3 Steps to Lasting Participant Retention in Peer-To-Peer Fundraising
If you’ve been in peer-to-peer fundraising for any length of time, you don’t need a study to tell you how valuable repeat participants are to your event and your non-profit. But from the looks of the data and the declining retention rates for walks and 5Ks, we all need a refresher on what matters when it comes to people coming back year after year.
This year’s Blackbaud Peer-to-Peer Fundraising Study shows retention rates declining for Walks and 5Ks.
While a decline in returning participants from 39% to 37% for Walks may seem slight, think about it this way: In a walk with 1,000 participants, that’s 20 walkers who didn’t return. With the average returning participant raising 2.5 times more than a new participant, you’ll need to recruit more new walkers to replace that revenue. If a top fundraiser doesn’t return it means a much greater loss.
Quite simply, returning participants are more valuable champions for our cause. Let’s look at the top three ways to invest in retention.
1. Improve customer service.
According to the 2016 Customer Engagement Index from 24/7, 79% of customers take their business to a competitor within a week of experiencing poor customer service, and Aspect Software’s research show that 76% of Americans view customer service as a “true test of how much a brand values them.”
Countless other studies have found that people are willing to pay more for a product or service when they know they will receive better customer service. These studies have more of a consumer bent to them, but certainly apply to peer-to-peer campaigns as well.
Customer service means more than responding to requests in a timely manner. It means being proactive and always looking for ways to surprise and delight your fundraisers. Nothing builds loyalty better than random acts of personalized wow! Did someone earn a t-shirt for their fundraising? Don’t make them wait until the day of the event to claim it. Send it in the mail with a heartfelt note of thanks. Is it a fundraiser’s birthday? Stop by their office with cupcakes decorated in the colors of your charity. Is a top fundraising team captain checking in at the event? Offer their team admission to the VIP lunch buffet after the event.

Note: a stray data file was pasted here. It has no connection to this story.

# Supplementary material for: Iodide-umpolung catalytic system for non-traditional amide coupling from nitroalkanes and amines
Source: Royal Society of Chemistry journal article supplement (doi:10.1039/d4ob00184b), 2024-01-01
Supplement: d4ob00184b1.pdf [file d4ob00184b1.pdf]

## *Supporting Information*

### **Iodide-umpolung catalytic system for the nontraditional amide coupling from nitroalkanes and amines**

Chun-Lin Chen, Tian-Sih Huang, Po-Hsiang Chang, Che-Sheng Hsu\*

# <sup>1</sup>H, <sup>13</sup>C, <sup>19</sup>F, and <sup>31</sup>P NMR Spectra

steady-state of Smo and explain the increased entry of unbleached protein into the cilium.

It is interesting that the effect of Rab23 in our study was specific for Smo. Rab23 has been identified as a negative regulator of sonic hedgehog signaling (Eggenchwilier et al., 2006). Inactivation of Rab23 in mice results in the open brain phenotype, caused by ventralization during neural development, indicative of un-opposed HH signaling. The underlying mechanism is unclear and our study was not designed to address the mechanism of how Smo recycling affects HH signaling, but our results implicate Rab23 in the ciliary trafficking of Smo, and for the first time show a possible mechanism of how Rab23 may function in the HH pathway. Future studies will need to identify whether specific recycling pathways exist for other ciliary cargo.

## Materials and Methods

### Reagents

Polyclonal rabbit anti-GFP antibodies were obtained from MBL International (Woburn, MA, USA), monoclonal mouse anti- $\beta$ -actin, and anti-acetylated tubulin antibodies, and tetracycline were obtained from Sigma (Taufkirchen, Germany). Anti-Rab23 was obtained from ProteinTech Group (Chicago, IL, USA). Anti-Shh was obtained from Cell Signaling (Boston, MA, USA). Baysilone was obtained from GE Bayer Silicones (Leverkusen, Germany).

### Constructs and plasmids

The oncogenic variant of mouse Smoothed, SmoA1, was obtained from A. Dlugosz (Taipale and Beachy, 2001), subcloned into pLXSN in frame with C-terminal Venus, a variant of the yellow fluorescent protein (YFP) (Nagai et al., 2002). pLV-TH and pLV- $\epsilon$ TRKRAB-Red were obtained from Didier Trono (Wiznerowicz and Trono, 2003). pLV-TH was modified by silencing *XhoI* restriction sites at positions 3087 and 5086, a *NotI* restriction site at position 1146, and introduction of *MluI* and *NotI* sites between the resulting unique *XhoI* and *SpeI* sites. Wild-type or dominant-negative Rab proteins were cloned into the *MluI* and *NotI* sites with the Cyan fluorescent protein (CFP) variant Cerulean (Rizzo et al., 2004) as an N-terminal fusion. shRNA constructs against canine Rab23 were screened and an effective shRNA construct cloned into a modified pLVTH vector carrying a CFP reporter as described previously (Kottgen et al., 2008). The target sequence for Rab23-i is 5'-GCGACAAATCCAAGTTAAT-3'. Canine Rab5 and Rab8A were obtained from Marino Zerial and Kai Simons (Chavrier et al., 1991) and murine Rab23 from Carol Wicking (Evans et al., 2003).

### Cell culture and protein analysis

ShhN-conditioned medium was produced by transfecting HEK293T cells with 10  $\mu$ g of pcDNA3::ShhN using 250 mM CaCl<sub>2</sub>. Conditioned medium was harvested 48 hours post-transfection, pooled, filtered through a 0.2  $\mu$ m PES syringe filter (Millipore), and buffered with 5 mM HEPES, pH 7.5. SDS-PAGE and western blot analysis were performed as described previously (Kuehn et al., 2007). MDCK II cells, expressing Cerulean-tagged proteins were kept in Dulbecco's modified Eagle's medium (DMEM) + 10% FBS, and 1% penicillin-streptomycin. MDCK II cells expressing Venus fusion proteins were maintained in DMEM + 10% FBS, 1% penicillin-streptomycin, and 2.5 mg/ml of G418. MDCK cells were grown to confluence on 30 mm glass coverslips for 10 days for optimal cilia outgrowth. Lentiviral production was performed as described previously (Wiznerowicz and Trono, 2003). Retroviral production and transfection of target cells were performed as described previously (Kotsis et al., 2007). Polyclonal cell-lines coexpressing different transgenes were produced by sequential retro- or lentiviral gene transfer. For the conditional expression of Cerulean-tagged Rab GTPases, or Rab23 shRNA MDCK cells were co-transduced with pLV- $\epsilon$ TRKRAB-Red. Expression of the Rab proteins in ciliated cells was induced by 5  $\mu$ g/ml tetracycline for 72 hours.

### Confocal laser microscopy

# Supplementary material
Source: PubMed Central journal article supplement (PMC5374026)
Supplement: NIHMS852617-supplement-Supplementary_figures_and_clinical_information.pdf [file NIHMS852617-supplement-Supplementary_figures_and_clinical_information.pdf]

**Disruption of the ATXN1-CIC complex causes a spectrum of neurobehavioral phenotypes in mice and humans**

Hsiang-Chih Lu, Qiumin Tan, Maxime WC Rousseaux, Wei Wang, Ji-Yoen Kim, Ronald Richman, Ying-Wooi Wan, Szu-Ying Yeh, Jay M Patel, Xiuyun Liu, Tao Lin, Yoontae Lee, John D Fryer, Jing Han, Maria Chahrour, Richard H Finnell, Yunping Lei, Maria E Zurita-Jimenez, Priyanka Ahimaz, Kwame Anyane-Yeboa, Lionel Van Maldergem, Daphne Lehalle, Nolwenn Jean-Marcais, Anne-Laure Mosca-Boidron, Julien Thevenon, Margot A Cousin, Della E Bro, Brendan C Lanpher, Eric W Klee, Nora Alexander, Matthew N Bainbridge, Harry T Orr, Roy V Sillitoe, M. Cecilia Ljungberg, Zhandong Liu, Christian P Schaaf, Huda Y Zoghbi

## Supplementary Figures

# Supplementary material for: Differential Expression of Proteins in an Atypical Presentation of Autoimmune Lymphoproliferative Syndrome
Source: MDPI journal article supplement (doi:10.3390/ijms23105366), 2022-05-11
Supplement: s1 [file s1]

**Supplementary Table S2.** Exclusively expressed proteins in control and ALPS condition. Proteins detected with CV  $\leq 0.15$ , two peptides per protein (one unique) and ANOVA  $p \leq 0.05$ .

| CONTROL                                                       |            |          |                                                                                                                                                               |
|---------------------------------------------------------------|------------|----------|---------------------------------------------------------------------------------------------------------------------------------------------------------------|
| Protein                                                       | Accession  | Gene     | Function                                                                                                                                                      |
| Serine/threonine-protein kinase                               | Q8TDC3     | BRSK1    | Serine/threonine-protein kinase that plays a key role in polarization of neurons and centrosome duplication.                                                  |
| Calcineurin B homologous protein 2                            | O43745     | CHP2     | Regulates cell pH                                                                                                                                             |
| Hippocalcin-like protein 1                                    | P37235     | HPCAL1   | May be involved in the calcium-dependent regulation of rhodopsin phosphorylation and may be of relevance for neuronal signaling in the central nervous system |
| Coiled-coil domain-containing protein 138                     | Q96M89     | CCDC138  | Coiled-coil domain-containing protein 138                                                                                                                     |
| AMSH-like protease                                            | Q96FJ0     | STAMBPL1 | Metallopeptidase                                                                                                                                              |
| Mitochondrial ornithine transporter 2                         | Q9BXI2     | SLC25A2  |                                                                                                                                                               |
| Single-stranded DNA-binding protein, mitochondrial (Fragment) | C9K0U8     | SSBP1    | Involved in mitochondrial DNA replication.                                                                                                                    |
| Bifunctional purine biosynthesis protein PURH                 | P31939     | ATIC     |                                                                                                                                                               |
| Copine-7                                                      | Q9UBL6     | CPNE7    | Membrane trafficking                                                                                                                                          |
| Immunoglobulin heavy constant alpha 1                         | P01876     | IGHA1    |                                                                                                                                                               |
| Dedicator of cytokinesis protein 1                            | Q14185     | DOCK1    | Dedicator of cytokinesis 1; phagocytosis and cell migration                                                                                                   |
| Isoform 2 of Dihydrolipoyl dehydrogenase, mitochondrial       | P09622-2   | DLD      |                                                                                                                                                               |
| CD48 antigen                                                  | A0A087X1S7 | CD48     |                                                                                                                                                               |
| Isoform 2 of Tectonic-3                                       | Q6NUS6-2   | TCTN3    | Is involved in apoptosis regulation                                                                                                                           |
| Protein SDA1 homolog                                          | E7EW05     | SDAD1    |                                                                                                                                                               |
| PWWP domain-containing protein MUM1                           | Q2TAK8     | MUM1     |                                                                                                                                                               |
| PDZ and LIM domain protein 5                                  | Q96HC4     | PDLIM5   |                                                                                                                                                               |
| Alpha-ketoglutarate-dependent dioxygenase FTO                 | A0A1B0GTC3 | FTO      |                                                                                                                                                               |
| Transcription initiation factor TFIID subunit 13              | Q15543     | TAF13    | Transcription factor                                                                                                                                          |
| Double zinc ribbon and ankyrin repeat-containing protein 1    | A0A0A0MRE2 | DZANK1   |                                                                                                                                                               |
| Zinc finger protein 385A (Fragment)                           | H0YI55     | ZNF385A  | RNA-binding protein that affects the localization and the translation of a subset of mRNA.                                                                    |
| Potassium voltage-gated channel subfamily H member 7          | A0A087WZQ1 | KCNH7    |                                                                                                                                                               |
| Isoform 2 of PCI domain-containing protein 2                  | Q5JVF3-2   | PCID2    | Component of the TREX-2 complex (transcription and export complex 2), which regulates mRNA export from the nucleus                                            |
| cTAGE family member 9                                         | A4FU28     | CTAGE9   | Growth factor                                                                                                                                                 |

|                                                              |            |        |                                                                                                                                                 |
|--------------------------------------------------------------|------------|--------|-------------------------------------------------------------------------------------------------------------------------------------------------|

2. Focus on staff retention.
Let’s be real, staff turnover in the trenches of peer-to-peer fundraising is a common problem, and we’d be kidding ourselves if we didn’t recognize the impact this is having on retention and loyalty numbers. If we can’t retain solid staff members, how can we expect to retain our participants?
The 2016 Nonprofit Employment Practices Survey shows total turnover remaining steady at 19%. Total turnover also tends to be higher in fundraising staff. The survey also shows that a greater percentage of nonprofits are increasing their staff in 2016. That means there are more opportunities for unhappy staff members to jump ship. The BCG Global Leadership and Talent Index (GLTI), a 2015 study by the Boston Consulting Group, found that companies with strong leadership and talent management practices increase revenues 2.2 times faster and profits 1.5 times faster than companies with weak practices.
If you’re charged with hiring and managing peer-to-peer fundraising staff, take this as a wake-up call to spend a lot more time and resources on hiring, training, and retention efforts for these critical staff members. And this means more than the occasional pizza party.
Don’t throw employees into the fire upon hiring. Train them well. Pay them well. Allow for comp days. Give meaningful promotions, raises, and bonuses. Many front-line fundraisers feel under-paid, over-worked, and under-appreciated. This stymies efforts to build solid relationships with constituents, and it shows in our participant retention numbers.
3. Communicate impact.
People today are more informed than ever. Their expectations are also much higher. For years, storytelling was the cornerstone of nonprofit marketing. In 2016, storytelling is no longer enough. People want to hear actual results. They want to see progress toward a goal. And this doesn’t mean fundraising progress towards your goal. Your fundraisers and your staff need to know how your cause is tracking towards its ultimate goal. Are you eliminating homelessness in your area? Are you getting closer to curing a disease? Are you saving pets from being euthanized?
Share specifics about how the ultimate goal of your charity is being accomplished. Stories are great, but when it comes to retaining fundraisers (and staff), people need to feel like their time and effort truly matter.